Smith's fourth-innings heroics
As was pointed out in last week's Numbers Game column, successful fourth-innings chases have been far more common in the 2000s than in previous decades, and this becomes the 32nd 200-plus chase in these nine years. No wonder, then, that the fourth-innings runs-per-wicket figure in this decade is 29.21, higher than it had been in any decade since 1950. AB de Villiers' match-winning 108 was the 46th fourth-innings century during this period; add 242 fifties to it, and you'll get a good idea of how good this decade has been for batsmen in the last innings.
The pitch in Perth stayed pretty good throughout the five days, which isn't so unusual these days either. The Chennai track had a mean look to it but wasn't particularly spiteful on the final day, which was one of the reasons why India's fourth-innings total was the highest of the match, as was the case in Perth. Till October 2008, this had only been achieved 17 times in the entire history of Test cricket. In the last two months, however, three more instances have already been added, with New Zealand, India and South Africa all getting the highest total of the game in successful run-chases. South Africa have successfully chased 200-plus targets seven times since 2000, the most by any team during this period.
What's also incredible is the apparent ease with which most of the highest run-chases have been achieved - in four of the top five such cases, teams have won losing fewer than five wickets: Don Bradman's Invincibles chased 404 for the loss of only three wickets at Headingley in 1948, while India lost only four in chasing 406 and 387.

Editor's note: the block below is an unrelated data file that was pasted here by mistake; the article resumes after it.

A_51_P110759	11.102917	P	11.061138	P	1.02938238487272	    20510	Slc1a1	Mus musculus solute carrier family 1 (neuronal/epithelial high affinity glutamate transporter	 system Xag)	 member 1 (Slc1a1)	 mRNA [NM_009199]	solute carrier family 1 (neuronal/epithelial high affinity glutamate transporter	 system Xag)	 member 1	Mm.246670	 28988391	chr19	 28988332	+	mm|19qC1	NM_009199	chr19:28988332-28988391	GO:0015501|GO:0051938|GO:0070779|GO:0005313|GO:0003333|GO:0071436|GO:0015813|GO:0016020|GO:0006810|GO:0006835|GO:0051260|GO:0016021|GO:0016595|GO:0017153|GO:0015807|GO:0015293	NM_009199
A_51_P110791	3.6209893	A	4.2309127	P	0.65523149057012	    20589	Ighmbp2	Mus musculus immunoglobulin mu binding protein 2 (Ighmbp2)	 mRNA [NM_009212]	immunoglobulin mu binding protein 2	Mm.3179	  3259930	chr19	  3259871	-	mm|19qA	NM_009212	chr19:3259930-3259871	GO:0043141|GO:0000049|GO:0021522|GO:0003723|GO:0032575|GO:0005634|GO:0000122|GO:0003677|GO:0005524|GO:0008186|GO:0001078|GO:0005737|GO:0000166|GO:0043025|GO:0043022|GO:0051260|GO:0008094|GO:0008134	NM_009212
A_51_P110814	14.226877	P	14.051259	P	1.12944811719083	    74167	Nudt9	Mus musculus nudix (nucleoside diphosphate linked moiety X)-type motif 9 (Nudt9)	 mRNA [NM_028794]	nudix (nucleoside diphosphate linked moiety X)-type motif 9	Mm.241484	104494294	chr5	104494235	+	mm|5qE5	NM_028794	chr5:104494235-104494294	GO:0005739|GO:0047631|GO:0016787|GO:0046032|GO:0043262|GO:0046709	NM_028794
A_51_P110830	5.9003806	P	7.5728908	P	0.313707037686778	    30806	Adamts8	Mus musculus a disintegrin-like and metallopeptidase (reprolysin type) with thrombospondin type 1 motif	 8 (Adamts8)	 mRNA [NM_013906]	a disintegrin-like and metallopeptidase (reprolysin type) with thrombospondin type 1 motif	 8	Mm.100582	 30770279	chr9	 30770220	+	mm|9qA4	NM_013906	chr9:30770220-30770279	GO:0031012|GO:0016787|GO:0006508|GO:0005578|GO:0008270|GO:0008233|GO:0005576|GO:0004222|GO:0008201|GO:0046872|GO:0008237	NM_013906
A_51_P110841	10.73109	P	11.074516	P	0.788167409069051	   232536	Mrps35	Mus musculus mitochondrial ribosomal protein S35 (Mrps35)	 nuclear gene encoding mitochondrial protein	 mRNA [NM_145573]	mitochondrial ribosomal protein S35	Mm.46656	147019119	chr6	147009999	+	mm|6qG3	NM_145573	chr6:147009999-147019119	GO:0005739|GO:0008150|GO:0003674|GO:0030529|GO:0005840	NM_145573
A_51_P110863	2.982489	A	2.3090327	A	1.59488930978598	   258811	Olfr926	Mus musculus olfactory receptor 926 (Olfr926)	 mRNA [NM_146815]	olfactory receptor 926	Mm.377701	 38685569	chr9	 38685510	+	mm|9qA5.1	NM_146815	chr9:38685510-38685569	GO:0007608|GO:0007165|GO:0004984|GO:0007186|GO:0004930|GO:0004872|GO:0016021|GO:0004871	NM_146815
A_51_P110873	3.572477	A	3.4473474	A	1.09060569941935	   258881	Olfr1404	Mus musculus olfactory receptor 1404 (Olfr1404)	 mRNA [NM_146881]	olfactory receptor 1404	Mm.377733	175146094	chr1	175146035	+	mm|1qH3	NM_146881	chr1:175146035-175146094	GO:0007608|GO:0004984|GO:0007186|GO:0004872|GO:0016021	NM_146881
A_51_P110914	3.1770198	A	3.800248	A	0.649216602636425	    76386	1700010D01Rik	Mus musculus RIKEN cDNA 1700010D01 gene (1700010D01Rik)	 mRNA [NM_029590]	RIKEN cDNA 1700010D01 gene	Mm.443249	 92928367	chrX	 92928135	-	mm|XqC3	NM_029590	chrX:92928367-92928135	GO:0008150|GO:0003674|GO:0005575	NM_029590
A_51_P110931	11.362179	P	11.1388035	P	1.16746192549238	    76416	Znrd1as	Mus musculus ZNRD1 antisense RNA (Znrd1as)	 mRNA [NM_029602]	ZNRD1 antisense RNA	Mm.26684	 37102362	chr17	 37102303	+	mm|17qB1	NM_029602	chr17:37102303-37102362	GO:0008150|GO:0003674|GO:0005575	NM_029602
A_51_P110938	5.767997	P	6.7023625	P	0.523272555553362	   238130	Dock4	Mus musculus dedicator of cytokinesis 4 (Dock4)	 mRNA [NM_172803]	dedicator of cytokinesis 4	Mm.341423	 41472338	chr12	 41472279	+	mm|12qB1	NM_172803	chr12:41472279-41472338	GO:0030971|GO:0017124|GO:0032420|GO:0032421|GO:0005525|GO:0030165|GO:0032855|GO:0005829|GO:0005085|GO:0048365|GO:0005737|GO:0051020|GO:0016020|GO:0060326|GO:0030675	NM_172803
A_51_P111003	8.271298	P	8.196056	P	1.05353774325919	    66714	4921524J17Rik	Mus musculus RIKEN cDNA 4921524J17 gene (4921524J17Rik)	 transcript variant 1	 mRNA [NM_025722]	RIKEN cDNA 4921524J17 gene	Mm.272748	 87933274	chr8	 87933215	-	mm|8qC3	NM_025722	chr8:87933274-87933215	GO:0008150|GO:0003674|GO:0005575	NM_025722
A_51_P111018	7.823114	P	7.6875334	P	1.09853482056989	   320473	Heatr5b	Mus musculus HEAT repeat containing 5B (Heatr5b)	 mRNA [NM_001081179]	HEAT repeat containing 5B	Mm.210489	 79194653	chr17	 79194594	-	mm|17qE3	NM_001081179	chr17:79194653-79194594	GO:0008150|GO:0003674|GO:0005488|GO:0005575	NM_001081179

- Graeme Smith's century yesterday was his third in the fourth innings of a match, and all of them have led to wins. Most batsmen struggle in the last innings of Tests, but Smith seems to relish the challenge, averaging 56.40 in 26 fourth innings. His last five such innings have been 85, 62, 3*, 154* and 108. Among batsmen who have scored at least 1000 fourth-innings runs, Smith's average puts him in third place in the all-time list, behind two legendary openers, Geoffrey Boycott and Sunil Gavaskar.
Best fourth-innings averages in Tests (Qual: 1000 runs) Batsman Innings Runs Average 100s/ 50s Geoff Boycott 34 1234 58.76 3/ 7 Sunil Gavaskar 33 1398 58.25 4/ 8 Graeme Smith 26 1128 56.40 3/ 6 Ricky Ponting 35 1187 53.95 4/ 3 Gordon Greenidge 38 1383 53.19 3/ 6
Limiting the results to just wins in fourth innings, Smith's stocks go up even higher - with 844 runs from 15 innings, his average is an incredible 84.40, next only to Ricky Ponting's 92.77 (with a cut-off of 500 runs). They are the only two to score three hundreds in fourth-innings wins.
- Among the three century partnerships in South Africa's run-chase was the 124-run stand between AB de Villiers and Jacques Kallis, who are fast developing one of the most prolific batting pairs for them. In 16 partnerships, the pair has put together 1275 runs, including six century stands, for an average of 85. Their last five partnerships read 112, 5, 256, 124, and 124. Among South African pairs who've added at least 1000, de Villiers and Kallis are in second place, next only to Gary Kirsten and Graeme Smith, who averaged 100.36 in 11 innings.
- Of the six South Africans who batted, five of them topped 50, with Neil McKenzie being the only one to miss out. It was only the third instance of five South African batsmen topping 50 in an innings in Australia, but in both previous occasions, the team had been bowled out.
- It was Australia's second successive defeat in Perth, after their 72-run loss to India earlier this year. Only once earlier have they lost consecutive Tests here - 1984 and 1985, when West Indies and New Zealand beat the home team convincingly. (Click here for their entire result list in Perth.)
S Rajesh is stats editor of Cricinfo